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Clinical and Experimental Otorhinolaryngology > Volume 12(4); 2019 > Article
Kim: Genetic Mutation Analysis Can Supplement Clinically Confirmed Hereditary Hemorrhagic Telangiectasia Populations
Hereditary hemorrhagic telangiectasia (HHT), also known as Osler-Weber-Rendu disease, is a rare vascular disease diagnosed using the Curaçao diagnostic criteria: (1) recurrent nosebleeds (epistaxis), (2) cutaneous or mucosal telangiectasia, (3) visceral arteriovenous malformations (AVMs), and (4) an appropriate family history [1]. The prevalence of HHT is approximately 1 in 5,000–8,000 worldwide [2]. The most common clinical symptom of HHT patients is epistaxis, affecting more than 90% of HHT patients; the average age of onset is 12 years [3]. Large AVMs in the lung, liver, and central nervous system can cause life-threatening complications [2]. Six genetic loci including four identified genes and two genetic loci are reported to be associated with HHT. Mutations in two genes encoding transforming growth factor beta (TGF-β) receptors, endoglin (ENG) and activin A receptor like type 1 (ACVRL1/ALK1), result in clinically indistinguishable HHT1 and HHT2, respectively [4]. More than 80% of HHT patients have heterozygous mutations in these genes [5].
Koenighofer et al. [6] identified three unpublished, five known, and one silent variant in ENG and ACVRL1 from eight unrelated, nonconsanguineous families in Austria. Two novel variants and one known variant were identified in the ENG mutation. In the ACVRL1 mutation, one unpublished and three known variants were identified. The gene mutation study revealed nonsense, frameshift, splice donor, and missense variants [6]. These patterns are similar to those reported in previous studies from other countries.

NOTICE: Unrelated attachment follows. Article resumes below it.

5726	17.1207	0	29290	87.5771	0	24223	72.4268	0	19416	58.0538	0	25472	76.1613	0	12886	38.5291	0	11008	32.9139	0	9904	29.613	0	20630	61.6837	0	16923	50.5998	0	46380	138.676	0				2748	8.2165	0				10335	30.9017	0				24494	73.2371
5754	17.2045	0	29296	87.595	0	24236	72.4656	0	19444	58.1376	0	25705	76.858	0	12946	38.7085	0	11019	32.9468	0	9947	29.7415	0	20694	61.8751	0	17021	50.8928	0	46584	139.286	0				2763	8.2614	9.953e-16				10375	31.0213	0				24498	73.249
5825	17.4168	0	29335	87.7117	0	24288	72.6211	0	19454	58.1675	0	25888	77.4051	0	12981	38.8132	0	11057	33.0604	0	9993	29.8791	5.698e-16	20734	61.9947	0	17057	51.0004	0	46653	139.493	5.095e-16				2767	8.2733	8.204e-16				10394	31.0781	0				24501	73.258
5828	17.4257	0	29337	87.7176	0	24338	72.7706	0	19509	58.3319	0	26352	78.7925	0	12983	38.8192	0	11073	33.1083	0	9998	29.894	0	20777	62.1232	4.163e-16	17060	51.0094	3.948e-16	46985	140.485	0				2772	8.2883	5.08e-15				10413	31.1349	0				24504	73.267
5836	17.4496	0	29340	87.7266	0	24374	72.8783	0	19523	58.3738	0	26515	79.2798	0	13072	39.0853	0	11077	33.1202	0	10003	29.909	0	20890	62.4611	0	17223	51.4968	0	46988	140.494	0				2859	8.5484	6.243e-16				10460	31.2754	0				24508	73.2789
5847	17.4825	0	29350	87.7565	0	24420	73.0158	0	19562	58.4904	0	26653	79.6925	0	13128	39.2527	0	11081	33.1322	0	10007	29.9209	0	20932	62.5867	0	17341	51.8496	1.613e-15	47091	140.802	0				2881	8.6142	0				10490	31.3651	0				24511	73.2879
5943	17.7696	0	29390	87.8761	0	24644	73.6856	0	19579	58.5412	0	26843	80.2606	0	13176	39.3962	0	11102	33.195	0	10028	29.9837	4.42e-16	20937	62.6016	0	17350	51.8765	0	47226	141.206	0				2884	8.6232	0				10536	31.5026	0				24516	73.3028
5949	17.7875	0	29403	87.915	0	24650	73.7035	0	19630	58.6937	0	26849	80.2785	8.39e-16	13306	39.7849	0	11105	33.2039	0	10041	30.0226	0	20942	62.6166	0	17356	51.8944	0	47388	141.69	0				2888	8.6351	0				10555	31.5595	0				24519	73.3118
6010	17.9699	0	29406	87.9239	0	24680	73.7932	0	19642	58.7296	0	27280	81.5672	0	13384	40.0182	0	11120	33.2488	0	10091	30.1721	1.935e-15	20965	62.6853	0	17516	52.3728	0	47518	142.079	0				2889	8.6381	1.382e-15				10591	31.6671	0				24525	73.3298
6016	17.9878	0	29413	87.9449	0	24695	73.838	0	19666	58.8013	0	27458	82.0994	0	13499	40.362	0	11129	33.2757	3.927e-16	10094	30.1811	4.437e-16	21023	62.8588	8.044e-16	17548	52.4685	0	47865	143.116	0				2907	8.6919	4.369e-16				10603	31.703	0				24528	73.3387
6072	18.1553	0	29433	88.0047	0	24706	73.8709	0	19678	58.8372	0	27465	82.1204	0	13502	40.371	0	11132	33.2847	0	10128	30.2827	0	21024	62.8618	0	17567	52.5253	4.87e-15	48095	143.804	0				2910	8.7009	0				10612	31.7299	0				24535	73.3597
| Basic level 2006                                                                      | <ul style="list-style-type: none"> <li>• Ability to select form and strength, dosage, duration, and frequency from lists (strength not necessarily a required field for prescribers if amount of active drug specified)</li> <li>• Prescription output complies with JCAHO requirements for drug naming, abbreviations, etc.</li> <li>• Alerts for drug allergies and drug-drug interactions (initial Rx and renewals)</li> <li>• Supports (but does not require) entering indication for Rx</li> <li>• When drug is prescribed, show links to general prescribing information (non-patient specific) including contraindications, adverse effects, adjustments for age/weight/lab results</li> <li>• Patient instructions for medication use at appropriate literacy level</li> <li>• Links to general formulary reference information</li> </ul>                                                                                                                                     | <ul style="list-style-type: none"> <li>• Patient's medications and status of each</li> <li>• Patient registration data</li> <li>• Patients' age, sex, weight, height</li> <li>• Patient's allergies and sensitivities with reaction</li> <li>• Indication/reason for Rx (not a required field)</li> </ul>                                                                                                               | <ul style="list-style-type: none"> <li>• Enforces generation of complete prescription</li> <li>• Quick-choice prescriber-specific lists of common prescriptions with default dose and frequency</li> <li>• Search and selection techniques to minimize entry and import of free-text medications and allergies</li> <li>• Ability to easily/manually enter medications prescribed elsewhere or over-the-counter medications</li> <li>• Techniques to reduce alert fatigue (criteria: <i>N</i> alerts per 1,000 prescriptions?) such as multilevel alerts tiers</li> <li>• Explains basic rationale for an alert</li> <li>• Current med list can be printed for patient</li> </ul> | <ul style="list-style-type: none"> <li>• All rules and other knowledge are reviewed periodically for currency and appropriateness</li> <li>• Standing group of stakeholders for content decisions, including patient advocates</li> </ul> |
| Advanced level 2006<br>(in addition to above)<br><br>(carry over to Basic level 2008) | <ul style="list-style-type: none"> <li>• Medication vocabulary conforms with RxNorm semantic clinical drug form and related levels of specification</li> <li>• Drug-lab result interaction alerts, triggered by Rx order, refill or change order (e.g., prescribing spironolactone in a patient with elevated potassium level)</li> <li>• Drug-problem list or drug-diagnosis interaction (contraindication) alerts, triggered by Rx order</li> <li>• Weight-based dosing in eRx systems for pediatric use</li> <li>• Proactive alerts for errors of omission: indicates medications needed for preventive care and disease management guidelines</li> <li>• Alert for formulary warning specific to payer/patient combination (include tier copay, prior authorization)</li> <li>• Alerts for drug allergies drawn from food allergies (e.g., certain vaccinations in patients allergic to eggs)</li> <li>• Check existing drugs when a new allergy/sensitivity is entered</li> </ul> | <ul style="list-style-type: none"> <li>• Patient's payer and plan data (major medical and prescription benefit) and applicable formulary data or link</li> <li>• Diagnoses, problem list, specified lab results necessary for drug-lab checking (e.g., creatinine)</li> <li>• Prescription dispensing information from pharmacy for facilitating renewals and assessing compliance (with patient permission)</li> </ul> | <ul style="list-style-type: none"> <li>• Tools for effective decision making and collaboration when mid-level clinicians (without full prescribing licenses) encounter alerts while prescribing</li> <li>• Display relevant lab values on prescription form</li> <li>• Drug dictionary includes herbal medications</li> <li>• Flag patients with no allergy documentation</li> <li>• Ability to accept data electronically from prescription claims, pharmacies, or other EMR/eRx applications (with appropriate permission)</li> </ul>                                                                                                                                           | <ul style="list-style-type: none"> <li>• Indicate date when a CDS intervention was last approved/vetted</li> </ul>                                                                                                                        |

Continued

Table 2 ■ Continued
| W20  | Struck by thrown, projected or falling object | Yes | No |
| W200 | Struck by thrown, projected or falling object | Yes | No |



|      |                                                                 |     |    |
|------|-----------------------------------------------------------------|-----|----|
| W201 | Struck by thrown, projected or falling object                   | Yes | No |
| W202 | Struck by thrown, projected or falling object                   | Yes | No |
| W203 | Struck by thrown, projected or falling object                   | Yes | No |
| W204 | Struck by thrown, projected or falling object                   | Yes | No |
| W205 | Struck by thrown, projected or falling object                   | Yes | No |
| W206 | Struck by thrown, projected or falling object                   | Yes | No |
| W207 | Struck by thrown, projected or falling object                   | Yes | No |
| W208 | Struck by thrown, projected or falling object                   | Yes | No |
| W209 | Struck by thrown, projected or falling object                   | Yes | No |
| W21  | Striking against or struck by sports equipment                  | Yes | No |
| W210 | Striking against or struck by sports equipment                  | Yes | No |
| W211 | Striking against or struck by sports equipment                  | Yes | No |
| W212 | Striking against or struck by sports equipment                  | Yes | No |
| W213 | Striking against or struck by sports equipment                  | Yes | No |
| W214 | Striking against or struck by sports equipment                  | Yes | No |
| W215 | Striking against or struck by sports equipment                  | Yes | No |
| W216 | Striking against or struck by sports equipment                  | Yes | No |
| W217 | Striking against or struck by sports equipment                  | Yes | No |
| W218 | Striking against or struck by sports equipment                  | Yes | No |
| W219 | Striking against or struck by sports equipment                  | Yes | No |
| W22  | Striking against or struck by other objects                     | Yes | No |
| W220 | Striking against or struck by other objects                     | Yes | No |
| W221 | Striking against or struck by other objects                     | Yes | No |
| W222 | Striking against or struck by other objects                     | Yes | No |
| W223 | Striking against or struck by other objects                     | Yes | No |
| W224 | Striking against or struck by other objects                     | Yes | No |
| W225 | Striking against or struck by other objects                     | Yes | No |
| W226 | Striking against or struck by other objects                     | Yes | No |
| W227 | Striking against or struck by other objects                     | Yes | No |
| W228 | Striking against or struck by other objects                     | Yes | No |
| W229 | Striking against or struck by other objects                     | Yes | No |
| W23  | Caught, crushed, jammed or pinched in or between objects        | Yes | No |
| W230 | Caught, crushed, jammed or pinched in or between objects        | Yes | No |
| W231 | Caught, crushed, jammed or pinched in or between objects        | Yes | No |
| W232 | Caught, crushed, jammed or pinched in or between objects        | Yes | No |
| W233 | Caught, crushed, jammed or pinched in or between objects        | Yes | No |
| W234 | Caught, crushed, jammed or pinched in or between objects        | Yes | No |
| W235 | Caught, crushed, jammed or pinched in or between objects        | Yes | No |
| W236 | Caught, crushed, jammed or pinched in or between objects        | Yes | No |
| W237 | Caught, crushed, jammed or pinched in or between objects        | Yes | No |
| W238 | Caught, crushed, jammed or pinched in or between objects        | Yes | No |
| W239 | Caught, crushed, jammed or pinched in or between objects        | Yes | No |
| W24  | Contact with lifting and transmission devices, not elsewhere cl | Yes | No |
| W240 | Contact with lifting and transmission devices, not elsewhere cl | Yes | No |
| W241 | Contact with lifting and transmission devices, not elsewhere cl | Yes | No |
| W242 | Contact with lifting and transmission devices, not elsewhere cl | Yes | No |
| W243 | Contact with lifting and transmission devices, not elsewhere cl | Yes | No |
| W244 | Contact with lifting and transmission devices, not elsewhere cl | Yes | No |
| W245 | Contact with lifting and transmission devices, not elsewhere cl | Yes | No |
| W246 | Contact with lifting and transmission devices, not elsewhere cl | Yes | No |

Several genetic studies have investigated the correlations between genetic mutations and clinical phenotypes outcomes in HHT patients. The overall mutation rate in 14 Chinese Han patients with HHT-associated pulmonary hypertension was 71.4%, including eight ACVRL-1 mutations and two ENG mutations, six of which were novel [7]. The case records of 21 HHT patients indicate that mutations in the ENG, ACVRL1, and SMAD4 genes result in different HHT phenotypes. The prevalence of pulmonary AVM is higher in HHT type 1, whereas hepatic AVMs are more common in HHT2 [8]. Seventy-eight patients included 53 HHT1 patients and 25 HHT2 patients. Pulmonary and brain AVMs were predominantly observed in HHT1 whereas hepatic AVMs were detected in HHT2 [9]. Two ENG and one ACVRL1 mutations were identified in three Korean families: a known ENG mutation, a novel ENG mutation, and a novel ACVRL1 mutation [10]. In a national mutation study among Danish patients with HHT, 80% of the patients were diagnosed clinically based on the Curaçao criteria, and the remaining patients were diagnosed by genetic testing [11].
All these studies suggest that ethnicity and regionality play a limited role in the clinical presentation and genetic mutation of HHT. HHT patients are primarily diagnosed by clinical signs according to the Curaçao criteria; however, some patients are diagnosed as possible HHT with only clinical symptoms from the criteria. Genetic analysis is thus recommended to diagnose HHT in these patients. Additional pathogenic mutation studies will further supplement the diagnostic rates in HHT patients.


No potential conflict of interest relevant to this article was reported.


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7. Chen YJ, Yang QH, Liu D, Liu QQ, Eyries M, Wen L, et al. Clinical and genetic characteristics of Chinese patients with hereditary haemorrhagic telangiectasia-associated pulmonary hypertension. Eur J Clin Invest. 2013 Oct;43(10):1016–24.
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8. Karlsson T, Cherif H. Mutations in the ENG, ACVRL1, and SMAD4 genes and clinical manifestations of hereditary haemorrhagic telangiectasia: experience from the Center for Osler’s Disease, Uppsala University Hospital. Ups J Med Sci. 2018 Sep;123(3):153–7.
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11. Torring PM, Brusgaard K, Ousager LB, Andersen PE, Kjeldsen AD. National mutation study among Danish patients with hereditary haemorrhagic telangiectasia. Clin Genet. 2014 Aug;86(2):123–33.
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